“From Mansfield With Love follows the life of Frankie Price as she posts a series of vlog letters detailing the ups and downs of life at Mansfield Park.”

 

Northanger Abbey

Northbound

“Join Catherine Morland as she chronicles the perils of young adulthood and her many (mis)adventures through her vlogs on YouTube.”

 

The Cate Morland Chronicles

“Cate Morland, a recent journalism graduate who is obsessed with fan culture, particularly of the short-lived cult series The Mysteries of Udolpho, finds her new job at an LA entertainment magazine puts her in contact with many different people in the pop culture sphere, but none more exciting than Henry Tilney, the former star of The Mysteries of Udolpho himself…”

 

Sanditon

Welcome to Sanditon

“Welcome to Sanditon relocates the action from the English seaside to a California beach town, and replaces the novel’s protagonist with LBD’s [Lizzie Bennet Diaries} Gigi Darcy. Gigi has come to Sanditon, CA to run a beta demo of the Pemberley Digital Domino application. The residents of Sanditon have all been invited to join in the test, and discover how this “life-revealing” app performs.”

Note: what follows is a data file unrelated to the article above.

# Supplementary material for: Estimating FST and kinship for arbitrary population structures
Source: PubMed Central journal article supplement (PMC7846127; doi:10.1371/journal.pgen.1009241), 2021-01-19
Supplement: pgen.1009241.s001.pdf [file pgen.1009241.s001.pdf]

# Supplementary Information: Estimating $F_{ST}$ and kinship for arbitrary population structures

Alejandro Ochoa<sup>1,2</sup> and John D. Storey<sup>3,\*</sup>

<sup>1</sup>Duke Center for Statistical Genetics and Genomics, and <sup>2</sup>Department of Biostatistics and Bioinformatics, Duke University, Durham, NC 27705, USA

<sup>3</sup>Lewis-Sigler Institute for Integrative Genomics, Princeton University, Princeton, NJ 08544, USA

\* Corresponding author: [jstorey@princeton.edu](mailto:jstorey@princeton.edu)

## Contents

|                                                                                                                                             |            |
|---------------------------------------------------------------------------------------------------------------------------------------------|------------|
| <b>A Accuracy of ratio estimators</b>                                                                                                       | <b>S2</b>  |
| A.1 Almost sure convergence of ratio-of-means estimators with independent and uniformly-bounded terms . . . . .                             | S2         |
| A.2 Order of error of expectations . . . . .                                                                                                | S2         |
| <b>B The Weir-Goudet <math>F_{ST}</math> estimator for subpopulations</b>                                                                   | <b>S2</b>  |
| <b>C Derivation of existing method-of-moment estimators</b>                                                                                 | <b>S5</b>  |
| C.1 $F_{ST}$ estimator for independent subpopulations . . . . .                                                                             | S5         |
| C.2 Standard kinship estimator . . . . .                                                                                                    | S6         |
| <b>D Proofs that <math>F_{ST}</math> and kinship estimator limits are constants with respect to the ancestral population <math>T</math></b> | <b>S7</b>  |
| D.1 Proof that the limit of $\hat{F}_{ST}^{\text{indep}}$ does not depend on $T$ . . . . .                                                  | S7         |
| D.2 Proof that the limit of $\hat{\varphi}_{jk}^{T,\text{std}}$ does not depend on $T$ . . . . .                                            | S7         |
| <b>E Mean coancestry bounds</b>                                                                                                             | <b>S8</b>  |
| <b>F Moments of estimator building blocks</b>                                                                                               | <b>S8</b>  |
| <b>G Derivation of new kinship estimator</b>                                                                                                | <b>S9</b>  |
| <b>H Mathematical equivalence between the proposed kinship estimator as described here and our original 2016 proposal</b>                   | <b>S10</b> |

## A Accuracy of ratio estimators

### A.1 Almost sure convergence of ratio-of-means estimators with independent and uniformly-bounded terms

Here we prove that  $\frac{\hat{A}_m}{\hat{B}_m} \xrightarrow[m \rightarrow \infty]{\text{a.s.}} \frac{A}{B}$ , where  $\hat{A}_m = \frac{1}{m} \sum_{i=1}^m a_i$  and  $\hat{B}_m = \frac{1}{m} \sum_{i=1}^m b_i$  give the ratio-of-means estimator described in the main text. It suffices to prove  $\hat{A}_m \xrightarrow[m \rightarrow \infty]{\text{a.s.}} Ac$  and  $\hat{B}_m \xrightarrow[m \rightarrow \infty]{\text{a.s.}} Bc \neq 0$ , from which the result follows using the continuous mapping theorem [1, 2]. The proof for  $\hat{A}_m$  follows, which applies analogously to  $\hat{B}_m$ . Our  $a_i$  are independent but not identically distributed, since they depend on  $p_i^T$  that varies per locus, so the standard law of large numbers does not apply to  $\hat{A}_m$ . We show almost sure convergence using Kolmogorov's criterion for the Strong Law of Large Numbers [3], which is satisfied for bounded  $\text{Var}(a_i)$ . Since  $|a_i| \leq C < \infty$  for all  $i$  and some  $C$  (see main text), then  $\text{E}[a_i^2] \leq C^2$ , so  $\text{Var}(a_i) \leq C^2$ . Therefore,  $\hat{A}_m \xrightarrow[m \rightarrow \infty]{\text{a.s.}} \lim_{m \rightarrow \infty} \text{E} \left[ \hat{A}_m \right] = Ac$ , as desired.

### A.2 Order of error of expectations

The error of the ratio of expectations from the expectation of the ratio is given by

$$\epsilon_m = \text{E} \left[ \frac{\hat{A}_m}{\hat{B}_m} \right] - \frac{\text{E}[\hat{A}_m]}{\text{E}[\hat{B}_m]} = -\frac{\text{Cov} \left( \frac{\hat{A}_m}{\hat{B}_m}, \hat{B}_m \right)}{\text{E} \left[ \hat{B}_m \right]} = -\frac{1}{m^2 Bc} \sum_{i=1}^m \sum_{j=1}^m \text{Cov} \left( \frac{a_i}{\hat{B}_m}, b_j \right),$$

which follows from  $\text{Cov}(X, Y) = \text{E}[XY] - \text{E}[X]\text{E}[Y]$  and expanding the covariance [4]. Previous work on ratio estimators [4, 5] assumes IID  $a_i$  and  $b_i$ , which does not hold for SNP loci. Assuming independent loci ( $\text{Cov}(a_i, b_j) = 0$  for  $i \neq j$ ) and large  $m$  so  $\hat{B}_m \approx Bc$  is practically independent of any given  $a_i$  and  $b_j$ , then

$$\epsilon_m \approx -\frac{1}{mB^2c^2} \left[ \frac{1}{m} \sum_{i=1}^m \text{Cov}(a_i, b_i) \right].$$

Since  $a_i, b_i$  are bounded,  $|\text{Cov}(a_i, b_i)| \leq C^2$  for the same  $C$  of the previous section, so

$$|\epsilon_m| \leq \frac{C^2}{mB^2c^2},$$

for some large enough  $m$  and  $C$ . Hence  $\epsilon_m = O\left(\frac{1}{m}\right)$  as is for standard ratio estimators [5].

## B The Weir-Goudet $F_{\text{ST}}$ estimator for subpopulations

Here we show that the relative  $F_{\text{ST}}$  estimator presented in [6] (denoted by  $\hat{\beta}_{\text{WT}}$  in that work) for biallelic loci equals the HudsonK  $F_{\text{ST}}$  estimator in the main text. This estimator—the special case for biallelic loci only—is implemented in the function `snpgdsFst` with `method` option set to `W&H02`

All-Purpose Jane Austen

The Jane Games

“A web series in which Jane Austen and her characters abandon pride and good sense to compete on a modern day reality show.”

 

Persuasion did have two web series that I watched, albeit a couple of years ago, that have since disappeared entirely. Just in case my search skills failed me, their titles were The Elliots and Anne Elliot (although this last one petered out after four episodes; I kept hoping the actress would do more because it was a promising series).